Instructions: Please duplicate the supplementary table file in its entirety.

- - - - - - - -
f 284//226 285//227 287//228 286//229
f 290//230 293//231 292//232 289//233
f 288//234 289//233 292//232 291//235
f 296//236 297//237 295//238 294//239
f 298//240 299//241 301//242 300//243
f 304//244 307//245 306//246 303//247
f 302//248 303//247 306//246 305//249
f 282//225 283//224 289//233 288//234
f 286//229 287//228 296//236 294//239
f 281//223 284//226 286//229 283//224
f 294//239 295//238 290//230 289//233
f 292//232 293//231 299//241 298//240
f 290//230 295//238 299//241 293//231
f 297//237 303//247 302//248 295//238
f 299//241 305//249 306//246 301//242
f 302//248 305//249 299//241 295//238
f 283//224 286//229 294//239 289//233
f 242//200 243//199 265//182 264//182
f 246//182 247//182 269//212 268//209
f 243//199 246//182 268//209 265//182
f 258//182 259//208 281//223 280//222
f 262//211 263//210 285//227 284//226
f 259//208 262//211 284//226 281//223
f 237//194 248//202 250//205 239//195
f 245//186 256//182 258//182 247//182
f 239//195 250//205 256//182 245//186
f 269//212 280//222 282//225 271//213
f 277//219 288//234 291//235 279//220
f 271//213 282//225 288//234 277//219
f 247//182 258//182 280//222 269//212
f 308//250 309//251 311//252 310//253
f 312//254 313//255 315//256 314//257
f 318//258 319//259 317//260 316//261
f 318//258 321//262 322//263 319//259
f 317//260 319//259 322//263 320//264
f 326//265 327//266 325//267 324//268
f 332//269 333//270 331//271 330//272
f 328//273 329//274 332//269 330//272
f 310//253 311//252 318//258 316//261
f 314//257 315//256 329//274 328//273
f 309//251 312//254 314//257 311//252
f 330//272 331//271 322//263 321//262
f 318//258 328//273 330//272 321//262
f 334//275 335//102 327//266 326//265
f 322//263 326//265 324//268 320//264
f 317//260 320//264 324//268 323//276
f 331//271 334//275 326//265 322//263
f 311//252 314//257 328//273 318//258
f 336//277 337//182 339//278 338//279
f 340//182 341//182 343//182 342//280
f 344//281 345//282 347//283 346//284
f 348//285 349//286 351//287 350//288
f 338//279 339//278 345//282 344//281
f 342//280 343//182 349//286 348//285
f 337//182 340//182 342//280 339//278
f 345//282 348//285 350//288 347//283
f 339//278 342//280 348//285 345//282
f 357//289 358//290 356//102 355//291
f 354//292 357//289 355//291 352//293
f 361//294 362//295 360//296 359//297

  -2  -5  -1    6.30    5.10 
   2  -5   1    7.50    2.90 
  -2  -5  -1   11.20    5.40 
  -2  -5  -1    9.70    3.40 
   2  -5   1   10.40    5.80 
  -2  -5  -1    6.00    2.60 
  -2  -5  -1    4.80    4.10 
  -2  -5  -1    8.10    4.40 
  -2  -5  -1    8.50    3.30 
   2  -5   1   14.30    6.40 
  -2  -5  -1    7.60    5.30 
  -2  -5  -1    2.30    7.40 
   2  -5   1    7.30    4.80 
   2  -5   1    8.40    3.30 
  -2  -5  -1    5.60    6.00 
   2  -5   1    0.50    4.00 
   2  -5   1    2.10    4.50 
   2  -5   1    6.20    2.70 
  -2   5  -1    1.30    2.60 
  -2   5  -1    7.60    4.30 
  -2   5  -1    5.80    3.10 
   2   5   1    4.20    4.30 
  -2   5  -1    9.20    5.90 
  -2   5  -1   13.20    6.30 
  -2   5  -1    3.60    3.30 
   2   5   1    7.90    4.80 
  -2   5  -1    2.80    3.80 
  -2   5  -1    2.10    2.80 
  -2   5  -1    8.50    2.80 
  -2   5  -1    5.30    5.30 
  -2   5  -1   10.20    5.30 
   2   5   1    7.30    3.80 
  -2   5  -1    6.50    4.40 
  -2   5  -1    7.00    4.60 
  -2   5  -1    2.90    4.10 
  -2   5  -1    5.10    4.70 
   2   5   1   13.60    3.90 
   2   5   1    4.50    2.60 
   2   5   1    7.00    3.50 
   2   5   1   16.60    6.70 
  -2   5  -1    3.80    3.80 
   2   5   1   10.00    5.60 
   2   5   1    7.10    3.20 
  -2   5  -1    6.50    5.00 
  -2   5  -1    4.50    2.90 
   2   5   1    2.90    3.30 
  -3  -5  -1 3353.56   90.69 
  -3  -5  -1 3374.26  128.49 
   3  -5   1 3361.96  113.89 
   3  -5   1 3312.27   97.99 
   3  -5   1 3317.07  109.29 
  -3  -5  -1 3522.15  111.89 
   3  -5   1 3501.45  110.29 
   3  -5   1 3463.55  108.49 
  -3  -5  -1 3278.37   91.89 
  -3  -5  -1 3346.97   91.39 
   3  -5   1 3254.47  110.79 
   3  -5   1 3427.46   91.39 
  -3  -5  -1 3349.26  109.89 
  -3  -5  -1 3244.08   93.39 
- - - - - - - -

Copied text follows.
f 284//226 285//227 287//228 286//229
f 290//230 293//231 292//232 289//233
f 288//234 289//233 292//232 291//235
f 296//236 297//237 295//238 294//239
f 298//240 299//241 301//242 300//243
f 304//244 307//245 306//246 303//247
f 302//248 303//247 306//246 305//249
f 282//225 283//224 289//233 288//234
f 286//229 287//228 296//236 294//239
f 281//223 284//226 286//229 283//224
f 294//239 295//238 290//230 289//233
f 292//232 293//231 299//241 298//240
f 290//230 295//238 299//241 293//231
f 297//237 303//247 302//248 295//238
f 299//241 305//249 306//246 301//242
f 302//248 305//249 299//241 295//238
f 283//224 286//229 294//239 289//233
f 242//200 243//199 265//182 264//182
f 246//182 247//182 269//212 268//209
f 243//199 246//182 268//209 265//182
f 258//182 259//208 281//223 280//222
f 262//211 263//210 285//227 284//226
f 259//208 262//211 284//226 281//223
f 237//194 248//202 250//205 239//195
f 245//186 256//182 258//182 247//182
f 239//195 250//205 256//182 245//186
f 269//212 280//222 282//225 271//213
f 277//219 288//234 291//235 279//220
f 271//213 282//225 288//234 277//219
f 247//182 258//182 280//222 269//212
f 308//250 309//251 311//252 310//253
f 312//254 313//255 315//256 314//257
f 318//258 319//259 317//260 316//261
f 318//258 321//262 322//263 319//259
f 317//260 319//259 322//263 320//264
f 326//265 327//266 325//267 324//268
f 332//269 333//270 331//271 330//272
f 328//273 329//274 332//269 330//272
f 310//253 311//252 318//258 316//261
f 314//257 315//256 329//274 328//273
f 309//251 312//254 314//257 311//252
f 330//272 331//271 322//263 321//262
f 318//258 328//273 330//272 321//262
f 334//275 335//102 327//266 326//265
f 322//263 326//265 324//268 320//264
f 317//260 320//264 324//268 323//276
f 331//271 334//275 326//265 322//263
f 311//252 314//257 328//273 318//258
f 336//277 337//182 339//278 338//279
f 340//182 341//182 343//182 342//280
f 344//281 345//282 347//283 346//284
f 348//285 349//286 351//287 350//288
f 338//279 339//278 345//282 344//281
f 342//280 343//182 349//286 348//285
f 337//182 340//182 342//280 339//278
f 345//282 348//285 350//288 347//283
f 339//278 342//280 348//285 345//282
f 357//289 358//290 356//102 355//291
f 354//292 357//289 355//291 352//293
f 361//294 362//295 360//296 359//297

  -2  -5  -1    6.30    5.10 
   2  -5   1    7.50    2.90 
  -2  -5  -1   11.20    5.40 
  -2  -5  -1    9.70    3.40 
   2  -5   1   10.40    5.80 
  -2  -5  -1    6.00    2.60 
  -2  -5  -1    4.80    4.10 
  -2  -5  -1    8.10    4.40 
  -2  -5  -1    8.50    3.30 
   2  -5   1   14.30    6.40 
  -2  -5  -1    7.60    5.30 
  -2  -5  -1    2.30    7.40 
   2  -5   1    7.30    4.80 
   2  -5   1    8.40    3.30 
  -2  -5  -1    5.60    6.00 
   2  -5   1    0.50    4.00 
   2  -5   1    2.10    4.50 
   2  -5   1    6.20    2.70 
  -2   5  -1    1.30    2.60 
  -2   5  -1    7.60    4.30 
  -2   5  -1    5.80    3.10 
   2   5   1    4.20    4.30 
  -2   5  -1    9.20    5.90 
  -2   5  -1   13.20    6.30 
  -2   5  -1    3.60    3.30 
   2   5   1    7.90    4.80 
  -2   5  -1    2.80    3.80 
  -2   5  -1    2.10    2.80 
  -2   5  -1    8.50    2.80 
  -2   5  -1    5.30    5.30 
  -2   5  -1   10.20    5.30 
   2   5   1    7.30    3.80 
  -2   5  -1    6.50    4.40 
  -2   5  -1    7.00    4.60 
  -2   5  -1    2.90    4.10 
  -2   5  -1    5.10    4.70 
   2   5   1   13.60    3.90 
   2   5   1    4.50    2.60 
   2   5   1    7.00    3.50 
   2   5   1   16.60    6.70 
  -2   5  -1    3.80    3.80 
   2   5   1   10.00    5.60 
   2   5   1    7.10    3.20 
  -2   5  -1    6.50    5.00 
  -2   5  -1    4.50    2.90 
   2   5   1    2.90    3.30 
  -3  -5  -1 3353.56   90.69 
  -3  -5  -1 3374.26  128.49 
   3  -5   1 3361.96  113.89 
   3  -5   1 3312.27   97.99 
   3  -5   1 3317.07  109.29 
  -3  -5  -1 3522.15  111.89 
   3  -5   1 3501.45  110.29 
   3  -5   1 3463.55  108.49 
  -3  -5  -1 3278.37   91.89 
  -3  -5  -1 3346.97   91.39 
   3  -5   1 3254.47  110.79 
   3  -5   1 3427.46   91.39 
  -3  -5  -1 3349.26  109.89 
  -3  -5  -1 3244.08   93.39 